Singer-songwriter Chuck Dennie's former life looked perfect from the outside –  he had it all; he was a successful pastor and had been the frontman for a superstar-level Christian band (By The Tree). But then the facade crumbled – and truth and pain were left in the rubble. His new band Aledo's album, Gypsy Heart, out August 26, tells his story of healing through vulnerability with 5 tracks that examine the healing process from breakdown to transformation.

Gypsy Heart evokes the weary beauty of classic roots-pop from artists such as Fleetwood Mac, Eagles, Dire Straits, and early U2. There's a clear sequence in the creation of the album – the journey opens with Breakdown, an emotional foray into an unraveling. Gypsy Heart tells the story of Dennie's childhood and his search for peace and love; a spiritual life raft of sorts. Other standouts such as Don't Let Go and Water Into Stone address Chuck's transformation. The gorgeous piano ballad Don't Let Go is a plea to his wife not to give up on him as he heals.

"When I started working through everything, I didn't have a place to let the darkness out and be vulnerable, but music used to do that for me," Dennie said. "It became my life raft again. These songs are about me peeling back the layers, being honest with myself, and admitting I'm scared."

The band's name, Aledo, is after the town Dennie grew up in, in Texas – his childhood appeared American pie sweet, even if it wasn't. In the late 90s, Dennie was Christian music superstar with his band, By the Tree. They released four albums, won two Dove awards, scored multiple Top 5 singles, and for five years toured 200 dates a year. Dennie settled down, started a family, became a pastor; but something never felt right. He preached love, but hated himself – he hadn't let go of childhood pain, and eventually hit bottom.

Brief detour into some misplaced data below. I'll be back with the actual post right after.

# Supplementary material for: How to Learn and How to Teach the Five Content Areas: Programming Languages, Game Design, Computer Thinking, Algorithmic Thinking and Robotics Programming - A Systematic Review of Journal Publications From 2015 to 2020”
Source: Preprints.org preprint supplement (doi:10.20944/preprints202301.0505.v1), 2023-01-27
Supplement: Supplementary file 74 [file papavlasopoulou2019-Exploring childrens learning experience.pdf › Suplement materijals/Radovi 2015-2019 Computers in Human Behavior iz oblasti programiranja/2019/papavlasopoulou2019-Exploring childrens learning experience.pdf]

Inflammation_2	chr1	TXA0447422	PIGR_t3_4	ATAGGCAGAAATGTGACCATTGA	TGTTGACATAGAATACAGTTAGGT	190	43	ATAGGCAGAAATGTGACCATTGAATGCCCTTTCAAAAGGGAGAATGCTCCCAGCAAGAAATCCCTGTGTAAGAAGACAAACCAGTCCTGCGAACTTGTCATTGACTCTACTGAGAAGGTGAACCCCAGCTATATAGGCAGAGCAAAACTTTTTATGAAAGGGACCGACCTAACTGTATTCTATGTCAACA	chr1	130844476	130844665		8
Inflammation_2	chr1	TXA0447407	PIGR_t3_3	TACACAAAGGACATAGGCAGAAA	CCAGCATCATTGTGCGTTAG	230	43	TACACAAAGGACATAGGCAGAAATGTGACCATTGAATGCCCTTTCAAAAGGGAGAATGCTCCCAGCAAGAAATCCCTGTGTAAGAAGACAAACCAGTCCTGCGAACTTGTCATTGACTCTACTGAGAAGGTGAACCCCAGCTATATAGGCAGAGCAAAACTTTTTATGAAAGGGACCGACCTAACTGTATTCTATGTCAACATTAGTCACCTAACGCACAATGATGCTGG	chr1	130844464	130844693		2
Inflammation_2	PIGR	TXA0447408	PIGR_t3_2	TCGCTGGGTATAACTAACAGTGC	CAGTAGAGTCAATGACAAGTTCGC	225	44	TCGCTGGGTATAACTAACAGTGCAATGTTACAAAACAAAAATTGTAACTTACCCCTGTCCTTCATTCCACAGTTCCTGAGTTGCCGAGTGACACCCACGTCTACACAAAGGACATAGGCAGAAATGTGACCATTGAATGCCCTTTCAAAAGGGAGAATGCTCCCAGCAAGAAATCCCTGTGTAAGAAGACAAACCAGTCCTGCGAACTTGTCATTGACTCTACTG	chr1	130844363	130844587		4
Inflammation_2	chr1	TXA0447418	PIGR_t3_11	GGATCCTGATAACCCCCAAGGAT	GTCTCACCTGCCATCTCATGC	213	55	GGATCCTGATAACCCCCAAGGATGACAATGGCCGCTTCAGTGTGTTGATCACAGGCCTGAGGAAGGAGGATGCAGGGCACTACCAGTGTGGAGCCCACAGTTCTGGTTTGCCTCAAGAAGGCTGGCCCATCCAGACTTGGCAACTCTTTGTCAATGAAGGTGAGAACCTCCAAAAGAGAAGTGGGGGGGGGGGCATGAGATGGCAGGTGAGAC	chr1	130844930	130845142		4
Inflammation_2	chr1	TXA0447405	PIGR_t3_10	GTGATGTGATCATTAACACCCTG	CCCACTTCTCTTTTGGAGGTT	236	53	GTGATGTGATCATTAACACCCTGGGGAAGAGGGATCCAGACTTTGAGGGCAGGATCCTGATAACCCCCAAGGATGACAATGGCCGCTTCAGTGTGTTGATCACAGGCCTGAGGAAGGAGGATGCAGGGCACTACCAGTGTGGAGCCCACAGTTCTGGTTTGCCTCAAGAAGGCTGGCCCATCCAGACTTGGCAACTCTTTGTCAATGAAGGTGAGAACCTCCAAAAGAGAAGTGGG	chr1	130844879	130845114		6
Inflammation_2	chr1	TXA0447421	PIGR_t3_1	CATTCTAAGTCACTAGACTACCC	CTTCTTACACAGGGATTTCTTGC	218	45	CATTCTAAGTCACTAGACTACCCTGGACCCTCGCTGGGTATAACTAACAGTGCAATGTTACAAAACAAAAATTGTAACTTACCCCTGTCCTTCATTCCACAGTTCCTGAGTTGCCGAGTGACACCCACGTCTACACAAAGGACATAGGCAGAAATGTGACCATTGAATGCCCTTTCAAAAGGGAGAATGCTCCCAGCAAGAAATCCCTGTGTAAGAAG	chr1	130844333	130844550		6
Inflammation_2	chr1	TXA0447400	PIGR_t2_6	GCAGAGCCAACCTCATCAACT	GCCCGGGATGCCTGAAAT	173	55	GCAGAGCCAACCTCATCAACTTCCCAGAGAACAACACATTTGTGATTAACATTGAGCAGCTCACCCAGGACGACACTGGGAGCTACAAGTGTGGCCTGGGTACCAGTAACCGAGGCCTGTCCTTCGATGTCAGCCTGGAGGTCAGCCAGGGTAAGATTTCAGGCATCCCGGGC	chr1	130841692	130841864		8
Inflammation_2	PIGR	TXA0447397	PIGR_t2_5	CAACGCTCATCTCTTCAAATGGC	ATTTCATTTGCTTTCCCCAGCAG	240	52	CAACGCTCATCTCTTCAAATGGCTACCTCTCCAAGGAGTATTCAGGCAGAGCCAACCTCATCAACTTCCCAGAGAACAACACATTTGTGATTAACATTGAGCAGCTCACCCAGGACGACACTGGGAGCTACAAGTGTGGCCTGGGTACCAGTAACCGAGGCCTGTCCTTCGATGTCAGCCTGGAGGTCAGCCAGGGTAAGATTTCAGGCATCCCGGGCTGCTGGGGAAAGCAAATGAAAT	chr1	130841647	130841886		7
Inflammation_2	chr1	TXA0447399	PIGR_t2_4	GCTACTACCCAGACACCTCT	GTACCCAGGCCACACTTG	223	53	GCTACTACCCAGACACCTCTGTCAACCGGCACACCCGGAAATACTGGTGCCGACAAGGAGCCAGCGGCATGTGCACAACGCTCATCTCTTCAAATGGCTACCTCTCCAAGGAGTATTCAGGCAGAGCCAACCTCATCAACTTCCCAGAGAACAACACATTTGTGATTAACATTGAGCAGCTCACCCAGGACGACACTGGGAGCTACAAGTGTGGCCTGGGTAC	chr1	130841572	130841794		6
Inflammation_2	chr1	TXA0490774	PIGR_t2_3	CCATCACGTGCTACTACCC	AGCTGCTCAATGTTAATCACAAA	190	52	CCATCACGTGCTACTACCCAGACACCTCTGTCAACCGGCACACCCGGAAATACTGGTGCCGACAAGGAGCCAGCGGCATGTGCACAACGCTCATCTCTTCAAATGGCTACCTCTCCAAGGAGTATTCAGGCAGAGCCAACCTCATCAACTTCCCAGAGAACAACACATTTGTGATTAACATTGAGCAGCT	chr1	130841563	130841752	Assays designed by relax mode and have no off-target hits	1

He checked himself into a therapy and personal growth program to get help, where he remembered the outlet music was – but it had been a decade since his success. Not only did music feel like a lifetime ago, now his intentions were different. He wasn't coming back to music for a career, but because he had to: music was the only medium he could make sense of what he was experiencing. Dennie called his buddy from his music career days, successful singer-songwriter and producer K.S. Rhodes. He asked if Dennie was kidding. He wasn't, of course, and the two worked together on the project – it was the first time no one was pushing buttons to satisfy the music industry. They wrote honest songs, assembled a real band, and hit record.

"To move forward, I needed to go back and address that inner child," Dennie said. "I needed to find that kid and say, 'It's going to be alright, you're going to be loved and feel safe.'"

"I think a lot of people feel the way I do," he said. "I believe that if I'm being really honest with people about how messed up I am then others may feel safe doing the same. My hope is that is we can feel safety and love at the same time. And that's hard to find in this life."

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